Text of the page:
If it makes more sense to pursue a strategy of withdrawal and resistance, what should the Latino leadership be doing at this moment while the grassroots are out protesting and mobilizing? It appears that there is an urgent need to totally rethink current approaches to advocacy that have been designed to work with normal Presidents. Rather than give the impression that Trump can be influenced by Latinos, the need is to develop a strong capacity to consistently and very publicly expose his anti-Latino policies and actions. Meetings with Trump and Trump-appointed officials and sending letters recommending or opposing policies are clearly a waste of time in impacting on his decision-making and are only useful in documenting his abuses of power.

Critical Role of Latino Defense Funds

An increasingly indispensable component of the resistance at this point is the role that our Latino legal defense funds could be playing in closely monitoring Trump policies and illegal practices regarding not only immigration but other issues as well. We have seen how the ACLU has effectively stepped up and has attracted a major influx of donations to do so. The same has to happen with MALDEF and Latino Justice PRLDEF, but they also need to project a broader agenda that can inspire our community, foundations, and donors to substantially increase their support. Perhaps the ACLU can play a role in working more closely with LatinoJustice and MALDEF, all three organizations, after all, are headed by Latinos.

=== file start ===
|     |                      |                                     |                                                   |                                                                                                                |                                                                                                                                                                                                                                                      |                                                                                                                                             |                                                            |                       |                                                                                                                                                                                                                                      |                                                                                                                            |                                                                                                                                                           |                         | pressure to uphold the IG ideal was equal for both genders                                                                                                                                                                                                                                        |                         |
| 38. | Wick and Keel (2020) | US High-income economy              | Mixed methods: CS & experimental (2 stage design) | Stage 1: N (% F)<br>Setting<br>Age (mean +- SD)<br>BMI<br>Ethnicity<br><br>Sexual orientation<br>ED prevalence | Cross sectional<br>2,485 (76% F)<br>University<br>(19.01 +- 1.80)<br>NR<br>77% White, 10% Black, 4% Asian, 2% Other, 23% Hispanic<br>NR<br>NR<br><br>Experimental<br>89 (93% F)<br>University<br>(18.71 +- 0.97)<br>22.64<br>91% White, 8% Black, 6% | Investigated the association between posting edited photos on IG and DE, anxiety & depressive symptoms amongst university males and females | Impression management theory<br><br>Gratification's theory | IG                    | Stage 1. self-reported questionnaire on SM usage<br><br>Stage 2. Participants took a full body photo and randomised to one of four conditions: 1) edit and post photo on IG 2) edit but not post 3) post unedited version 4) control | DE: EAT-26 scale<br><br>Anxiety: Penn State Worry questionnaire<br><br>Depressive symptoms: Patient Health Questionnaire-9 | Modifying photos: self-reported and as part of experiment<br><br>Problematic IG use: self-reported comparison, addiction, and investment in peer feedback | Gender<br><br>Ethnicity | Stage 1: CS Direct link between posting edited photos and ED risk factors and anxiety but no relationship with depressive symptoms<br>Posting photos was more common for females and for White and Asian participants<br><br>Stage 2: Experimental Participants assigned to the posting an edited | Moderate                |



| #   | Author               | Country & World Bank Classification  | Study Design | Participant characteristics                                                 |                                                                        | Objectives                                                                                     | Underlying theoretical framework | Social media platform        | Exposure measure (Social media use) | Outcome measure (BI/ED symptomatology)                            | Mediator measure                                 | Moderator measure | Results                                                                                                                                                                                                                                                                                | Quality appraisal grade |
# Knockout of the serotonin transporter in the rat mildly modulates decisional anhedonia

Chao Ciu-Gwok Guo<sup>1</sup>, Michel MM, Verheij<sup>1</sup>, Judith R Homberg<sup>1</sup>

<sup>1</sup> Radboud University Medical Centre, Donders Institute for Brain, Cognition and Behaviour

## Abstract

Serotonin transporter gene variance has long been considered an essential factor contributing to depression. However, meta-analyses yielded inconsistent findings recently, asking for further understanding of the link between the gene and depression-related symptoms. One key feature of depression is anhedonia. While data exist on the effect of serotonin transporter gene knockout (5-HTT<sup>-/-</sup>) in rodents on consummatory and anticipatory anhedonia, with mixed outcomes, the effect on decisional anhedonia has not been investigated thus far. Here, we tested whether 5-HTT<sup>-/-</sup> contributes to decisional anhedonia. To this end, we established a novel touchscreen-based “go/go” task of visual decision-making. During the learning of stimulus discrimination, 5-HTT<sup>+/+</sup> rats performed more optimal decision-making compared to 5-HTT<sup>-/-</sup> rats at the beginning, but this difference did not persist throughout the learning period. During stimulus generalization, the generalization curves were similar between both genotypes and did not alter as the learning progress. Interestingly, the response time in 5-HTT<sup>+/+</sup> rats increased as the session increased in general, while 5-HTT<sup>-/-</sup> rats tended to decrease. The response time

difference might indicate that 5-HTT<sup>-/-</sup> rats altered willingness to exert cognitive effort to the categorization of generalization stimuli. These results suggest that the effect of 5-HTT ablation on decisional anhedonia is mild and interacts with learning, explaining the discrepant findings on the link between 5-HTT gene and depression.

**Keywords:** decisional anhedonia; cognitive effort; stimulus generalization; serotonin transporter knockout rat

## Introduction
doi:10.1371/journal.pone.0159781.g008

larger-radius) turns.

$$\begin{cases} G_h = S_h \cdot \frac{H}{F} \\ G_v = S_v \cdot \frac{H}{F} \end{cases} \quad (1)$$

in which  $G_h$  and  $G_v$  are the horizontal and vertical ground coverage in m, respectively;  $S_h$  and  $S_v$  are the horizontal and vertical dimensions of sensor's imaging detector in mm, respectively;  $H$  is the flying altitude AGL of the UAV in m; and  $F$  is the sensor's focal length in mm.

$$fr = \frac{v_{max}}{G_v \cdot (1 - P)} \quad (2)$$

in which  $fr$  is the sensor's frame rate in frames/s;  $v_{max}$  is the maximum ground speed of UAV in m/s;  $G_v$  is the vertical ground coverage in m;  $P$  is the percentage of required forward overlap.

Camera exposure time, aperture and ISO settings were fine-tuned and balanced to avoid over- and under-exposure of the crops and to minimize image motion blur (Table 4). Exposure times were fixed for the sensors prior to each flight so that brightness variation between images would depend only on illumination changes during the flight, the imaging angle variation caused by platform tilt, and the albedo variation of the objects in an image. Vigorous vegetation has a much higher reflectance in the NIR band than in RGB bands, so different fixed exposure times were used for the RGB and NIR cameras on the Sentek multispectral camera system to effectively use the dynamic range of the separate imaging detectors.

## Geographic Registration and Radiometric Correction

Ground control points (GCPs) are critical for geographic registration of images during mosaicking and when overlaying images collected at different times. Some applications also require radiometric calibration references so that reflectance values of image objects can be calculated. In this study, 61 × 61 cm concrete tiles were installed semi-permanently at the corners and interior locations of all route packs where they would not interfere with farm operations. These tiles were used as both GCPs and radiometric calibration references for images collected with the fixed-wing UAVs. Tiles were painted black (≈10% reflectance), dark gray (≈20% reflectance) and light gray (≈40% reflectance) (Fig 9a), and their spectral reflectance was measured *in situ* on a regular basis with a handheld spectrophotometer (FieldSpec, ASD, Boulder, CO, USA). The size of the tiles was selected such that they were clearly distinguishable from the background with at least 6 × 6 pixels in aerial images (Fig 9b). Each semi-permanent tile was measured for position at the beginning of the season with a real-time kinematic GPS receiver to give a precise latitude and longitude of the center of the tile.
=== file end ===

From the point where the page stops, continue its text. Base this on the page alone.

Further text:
The 2018 and 2020 Elections

The focus also needs to be in future elections: 2018 and 2020, Next year's Congressional and some state legislative races are going to be tough, but it will be important to shore up progressive and Latino representation as much as possible. This means promoting more progressive Latino candidates for office as well as taking out conservative office holders. For 2020 this means being a real part of a process of identifying who the Democratic Party Presidential contenders will be. Are Elizabeth Warren and Bernie Sanders already locked in? Which are some other possibilities that we should be considering from a Latino perspective? Latino leaders need to develop a mechanism for actively addressing this problem. Can the Latino Victory Project expand and open up sufficiently to be such a vehicle?

The Political Parties and Congress